Part 19 – Shall We Be Christ-Like in Our Attitudes Toward One Another (Part 1)
Series: The Book of Romans
Lesson: Part 19 – Shall We Be Christ-Like in Our Attitudes Toward One Another (Part 1)
Speaker: Dr. Benny M. Abante, Jr.
Text: Romans 15:5-7 (KJV)
Service: New Life Bible Class
Date: October 04, 2016
BOOK OF ROMANS CHAPTER 15
Lesson No. 33 SHALL WE BE CHRIST-LIKE IN OUR ATTITUDES TOWARD ONE ANOTHER?
5 Now the God of patience and consolation grant you to be likeminded one toward another according to Christ Jesus: —Romans 15:5-7—
6 That ye may with one mind and one mouth glorify God, even the Father of our Lord Jesus Christ.
7 Wherefore receive ye one another, as Christ also received us to the glory of God.
5 Now the God of patience and consolation grant you to be likeminded one toward another according to Christ Jesus:
We see here in this chapter the prominence of the Lord Jesus Christ. Twelve (12) times the words, “Christ” and “Lord Jesus Christ” were mentioned in the whole chapter. This indicates that the apostle Paul lived and spoke according to how the Lord Jesus wanted him to. The attitudes therefore of a believer of the Lord must be like that of the Lord Jesus Christ. And that is what would please God the most.
1. Spiritually strong believers should please the weak in order to build them up (vv. 1-2).
2. The example of Christ when being reproached, did not please himself (v.3).
3. Learn from the example in the Old Testament (v.4).
4. When the whole Ekklesia is like-minded as Christ would want us all to be, then we, as ONE can glorify God (vv. 5, 6).
5. “Wherefore received ye one another,” as salvation was given first to the Jews and then to the Gentiles (vv.7-16). There were always controversy and conflict between the Jewish and Gentile believers because of the seeming irreconcilable differences:
5.1. Apostle Paul emphasized to the Jews that as Christ had received the Gentiles and so therefore they should also receive them as brethren (vv.9- 12).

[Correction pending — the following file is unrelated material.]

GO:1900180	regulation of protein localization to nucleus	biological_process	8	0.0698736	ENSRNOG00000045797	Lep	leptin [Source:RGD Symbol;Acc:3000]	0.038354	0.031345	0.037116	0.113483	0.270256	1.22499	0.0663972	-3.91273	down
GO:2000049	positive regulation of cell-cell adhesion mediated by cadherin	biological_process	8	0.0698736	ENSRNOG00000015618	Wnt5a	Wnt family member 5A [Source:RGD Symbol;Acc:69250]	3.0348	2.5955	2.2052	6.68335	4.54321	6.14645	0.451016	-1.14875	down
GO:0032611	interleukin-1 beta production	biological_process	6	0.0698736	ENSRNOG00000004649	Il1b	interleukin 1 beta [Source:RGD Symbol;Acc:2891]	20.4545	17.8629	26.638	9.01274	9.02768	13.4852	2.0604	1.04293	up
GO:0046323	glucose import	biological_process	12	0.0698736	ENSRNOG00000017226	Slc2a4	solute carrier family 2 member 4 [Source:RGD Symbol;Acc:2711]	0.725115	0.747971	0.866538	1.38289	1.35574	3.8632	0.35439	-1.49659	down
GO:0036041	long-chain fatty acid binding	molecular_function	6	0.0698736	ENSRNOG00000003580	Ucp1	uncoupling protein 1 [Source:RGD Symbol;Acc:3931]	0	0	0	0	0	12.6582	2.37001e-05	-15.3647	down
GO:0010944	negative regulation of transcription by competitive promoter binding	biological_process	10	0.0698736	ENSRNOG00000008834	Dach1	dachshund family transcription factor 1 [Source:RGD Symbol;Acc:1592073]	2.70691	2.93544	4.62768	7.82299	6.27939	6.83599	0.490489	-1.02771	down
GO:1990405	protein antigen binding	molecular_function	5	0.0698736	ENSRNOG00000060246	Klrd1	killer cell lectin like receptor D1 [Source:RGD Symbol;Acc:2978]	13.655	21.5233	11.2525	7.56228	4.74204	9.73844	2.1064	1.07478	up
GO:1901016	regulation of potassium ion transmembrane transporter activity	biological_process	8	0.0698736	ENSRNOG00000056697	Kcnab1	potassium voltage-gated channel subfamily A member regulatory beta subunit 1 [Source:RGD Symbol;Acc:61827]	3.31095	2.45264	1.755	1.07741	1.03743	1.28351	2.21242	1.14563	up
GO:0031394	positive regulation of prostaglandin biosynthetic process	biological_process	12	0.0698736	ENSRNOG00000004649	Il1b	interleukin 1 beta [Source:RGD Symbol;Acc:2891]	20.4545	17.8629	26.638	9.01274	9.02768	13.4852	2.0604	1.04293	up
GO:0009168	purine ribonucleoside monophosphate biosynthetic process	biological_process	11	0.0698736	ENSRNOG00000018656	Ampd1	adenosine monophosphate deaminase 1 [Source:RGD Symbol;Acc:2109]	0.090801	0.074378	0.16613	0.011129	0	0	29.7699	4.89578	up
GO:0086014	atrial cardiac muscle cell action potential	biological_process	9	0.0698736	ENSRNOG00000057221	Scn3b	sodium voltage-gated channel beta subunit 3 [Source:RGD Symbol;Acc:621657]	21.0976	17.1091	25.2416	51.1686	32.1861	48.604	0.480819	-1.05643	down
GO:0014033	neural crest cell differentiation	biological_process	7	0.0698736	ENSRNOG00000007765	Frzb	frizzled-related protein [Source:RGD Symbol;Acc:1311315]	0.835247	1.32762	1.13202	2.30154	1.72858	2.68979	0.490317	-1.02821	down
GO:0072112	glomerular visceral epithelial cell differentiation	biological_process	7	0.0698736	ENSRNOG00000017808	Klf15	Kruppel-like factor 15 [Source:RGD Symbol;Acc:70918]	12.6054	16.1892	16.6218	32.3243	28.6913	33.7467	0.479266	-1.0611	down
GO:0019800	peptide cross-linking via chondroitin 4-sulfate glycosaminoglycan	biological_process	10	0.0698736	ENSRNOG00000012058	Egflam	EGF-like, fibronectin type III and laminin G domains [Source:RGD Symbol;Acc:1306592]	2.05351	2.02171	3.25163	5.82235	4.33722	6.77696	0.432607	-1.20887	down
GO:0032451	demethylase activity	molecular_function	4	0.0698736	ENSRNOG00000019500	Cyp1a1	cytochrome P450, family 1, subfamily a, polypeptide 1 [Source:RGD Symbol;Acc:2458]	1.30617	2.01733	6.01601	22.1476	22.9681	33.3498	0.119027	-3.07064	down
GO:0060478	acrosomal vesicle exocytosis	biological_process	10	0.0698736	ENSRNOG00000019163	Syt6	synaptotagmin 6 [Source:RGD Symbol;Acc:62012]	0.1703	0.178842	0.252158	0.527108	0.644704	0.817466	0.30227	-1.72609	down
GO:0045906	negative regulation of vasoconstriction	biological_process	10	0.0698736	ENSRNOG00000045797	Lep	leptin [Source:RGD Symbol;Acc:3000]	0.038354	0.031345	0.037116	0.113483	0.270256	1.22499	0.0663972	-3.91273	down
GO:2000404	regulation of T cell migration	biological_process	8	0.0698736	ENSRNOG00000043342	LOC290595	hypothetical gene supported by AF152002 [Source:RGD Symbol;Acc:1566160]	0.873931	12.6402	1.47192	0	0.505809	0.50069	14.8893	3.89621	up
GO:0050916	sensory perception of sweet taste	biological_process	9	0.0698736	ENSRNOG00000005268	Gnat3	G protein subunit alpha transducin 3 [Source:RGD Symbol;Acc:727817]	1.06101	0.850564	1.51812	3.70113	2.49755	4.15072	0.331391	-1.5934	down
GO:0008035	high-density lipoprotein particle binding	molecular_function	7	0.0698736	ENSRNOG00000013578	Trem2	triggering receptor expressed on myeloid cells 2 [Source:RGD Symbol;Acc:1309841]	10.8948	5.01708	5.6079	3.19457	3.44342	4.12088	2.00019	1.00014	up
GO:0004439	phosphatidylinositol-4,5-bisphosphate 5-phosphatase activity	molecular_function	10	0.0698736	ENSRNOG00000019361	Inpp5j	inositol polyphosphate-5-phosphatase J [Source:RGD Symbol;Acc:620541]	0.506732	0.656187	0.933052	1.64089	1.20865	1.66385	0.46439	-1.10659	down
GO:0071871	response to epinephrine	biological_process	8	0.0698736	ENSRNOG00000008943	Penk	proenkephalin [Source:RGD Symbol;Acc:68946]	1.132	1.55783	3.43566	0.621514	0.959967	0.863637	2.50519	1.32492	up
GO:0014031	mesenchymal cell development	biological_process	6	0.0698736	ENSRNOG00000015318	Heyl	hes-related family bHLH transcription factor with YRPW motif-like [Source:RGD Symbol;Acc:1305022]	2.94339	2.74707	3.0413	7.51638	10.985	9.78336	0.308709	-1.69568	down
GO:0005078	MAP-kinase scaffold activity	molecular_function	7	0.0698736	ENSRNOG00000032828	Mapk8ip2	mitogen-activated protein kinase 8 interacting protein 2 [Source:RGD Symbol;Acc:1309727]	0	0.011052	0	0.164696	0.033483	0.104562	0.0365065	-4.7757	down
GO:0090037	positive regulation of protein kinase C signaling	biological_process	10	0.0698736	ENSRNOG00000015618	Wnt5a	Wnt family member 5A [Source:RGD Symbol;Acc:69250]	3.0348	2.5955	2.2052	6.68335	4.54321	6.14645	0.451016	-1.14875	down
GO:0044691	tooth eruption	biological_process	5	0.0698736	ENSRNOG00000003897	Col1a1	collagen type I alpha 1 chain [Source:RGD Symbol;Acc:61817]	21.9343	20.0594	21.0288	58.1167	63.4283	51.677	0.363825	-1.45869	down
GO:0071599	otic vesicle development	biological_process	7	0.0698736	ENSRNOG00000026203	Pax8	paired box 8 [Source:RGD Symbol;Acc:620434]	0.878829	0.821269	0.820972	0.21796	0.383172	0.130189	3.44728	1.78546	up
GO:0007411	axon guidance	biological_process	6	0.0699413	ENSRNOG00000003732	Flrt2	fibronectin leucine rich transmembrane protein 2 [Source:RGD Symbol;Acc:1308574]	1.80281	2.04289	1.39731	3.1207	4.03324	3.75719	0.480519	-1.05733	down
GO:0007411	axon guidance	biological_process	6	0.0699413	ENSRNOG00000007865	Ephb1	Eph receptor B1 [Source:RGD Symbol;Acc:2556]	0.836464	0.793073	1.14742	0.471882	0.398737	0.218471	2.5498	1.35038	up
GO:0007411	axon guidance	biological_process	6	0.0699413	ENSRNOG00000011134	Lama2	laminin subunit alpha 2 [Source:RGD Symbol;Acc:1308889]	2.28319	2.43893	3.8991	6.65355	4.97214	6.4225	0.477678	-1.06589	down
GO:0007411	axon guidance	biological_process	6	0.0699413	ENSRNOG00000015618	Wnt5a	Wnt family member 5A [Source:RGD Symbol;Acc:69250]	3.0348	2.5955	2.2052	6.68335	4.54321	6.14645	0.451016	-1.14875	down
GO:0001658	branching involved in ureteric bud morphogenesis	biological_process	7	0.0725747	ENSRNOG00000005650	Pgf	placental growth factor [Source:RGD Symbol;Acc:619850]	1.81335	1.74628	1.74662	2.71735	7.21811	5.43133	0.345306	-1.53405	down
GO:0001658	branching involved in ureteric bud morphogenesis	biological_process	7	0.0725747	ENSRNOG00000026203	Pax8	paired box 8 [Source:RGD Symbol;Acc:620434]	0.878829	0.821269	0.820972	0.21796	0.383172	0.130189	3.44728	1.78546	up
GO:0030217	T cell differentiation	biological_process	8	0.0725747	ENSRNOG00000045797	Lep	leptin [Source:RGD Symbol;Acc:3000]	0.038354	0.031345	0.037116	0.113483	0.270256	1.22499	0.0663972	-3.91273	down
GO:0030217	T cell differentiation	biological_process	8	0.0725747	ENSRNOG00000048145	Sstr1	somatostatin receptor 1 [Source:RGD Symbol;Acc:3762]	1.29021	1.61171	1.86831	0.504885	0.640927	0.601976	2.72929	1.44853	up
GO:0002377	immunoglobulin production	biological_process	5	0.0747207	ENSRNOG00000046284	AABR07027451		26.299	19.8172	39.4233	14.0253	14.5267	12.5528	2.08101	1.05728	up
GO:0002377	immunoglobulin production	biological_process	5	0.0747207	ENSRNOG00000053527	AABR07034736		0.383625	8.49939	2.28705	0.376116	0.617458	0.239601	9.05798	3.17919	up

5.2. The God of hope as He is the God of patience and consolation (v.5). “Fill you with all joy and peace” that you will be “able to admonish one another” (vv. 13-14).
5.3. The apostle Paul has written “boldly” to the Jewish believers in Rome that, “I should be the minister of Jesus Christ to the Gentiles” (vv. 14, 16).
6. “By the power of the Spirit of God” (v. 19). Apostle Paul has made the Gentile believers obedient— “by word and by deed.” And he has “fully preached the Gospel of Christ” (vv. 17-19). Is this not the work of every pastor and preacher tasked to take care of God’s ministry?
7. Apostle Paul in preaching the Gospel was careful to “build upon another’s man foundation” (vv. 20-21) which should clarify once and for all what PASTORAL ETHICS should be (v.22)
8. As there are no more “unbroken ground where Christ has not been preached,” Apostle Paul intended to pass through Rome en route to Jerusalem “…to minister to the saints” for the purposes of edification and testimony (vv. 23, 25, 28-29).
9. The generosity of the Gentile believers towards the Jewish believers in need in Jerusalem was a great example of “paying it forward” (vv. 26-27).
10. The request of the Apostle Paul to pray for him –
10.1. For protection from the unsaved Judea;
10.2. For acceptance among the brethren in Jerusalem; and
10.3. That his coming to Rome be filled with joy and refreshing to him. I am sure Paul had said this because he was tired in this journey and that he might be refreshed as he journeys on (vv. 28-32).
Apostle Paul gave his benediction and spoke of the God of peace (v. 33):
1. The peace we have been reconciled to God.
2. That there should be peace among the brethren as a testimony of being in Christ.
3. The “peace that passeth all understanding,” keeping our hearts and mind through Christ Jesus.
I remember the song, “O, the peace that Jesus gives, never dies it always lives, like the music of the Psalm…”
—BP’s Messages, 10.09.16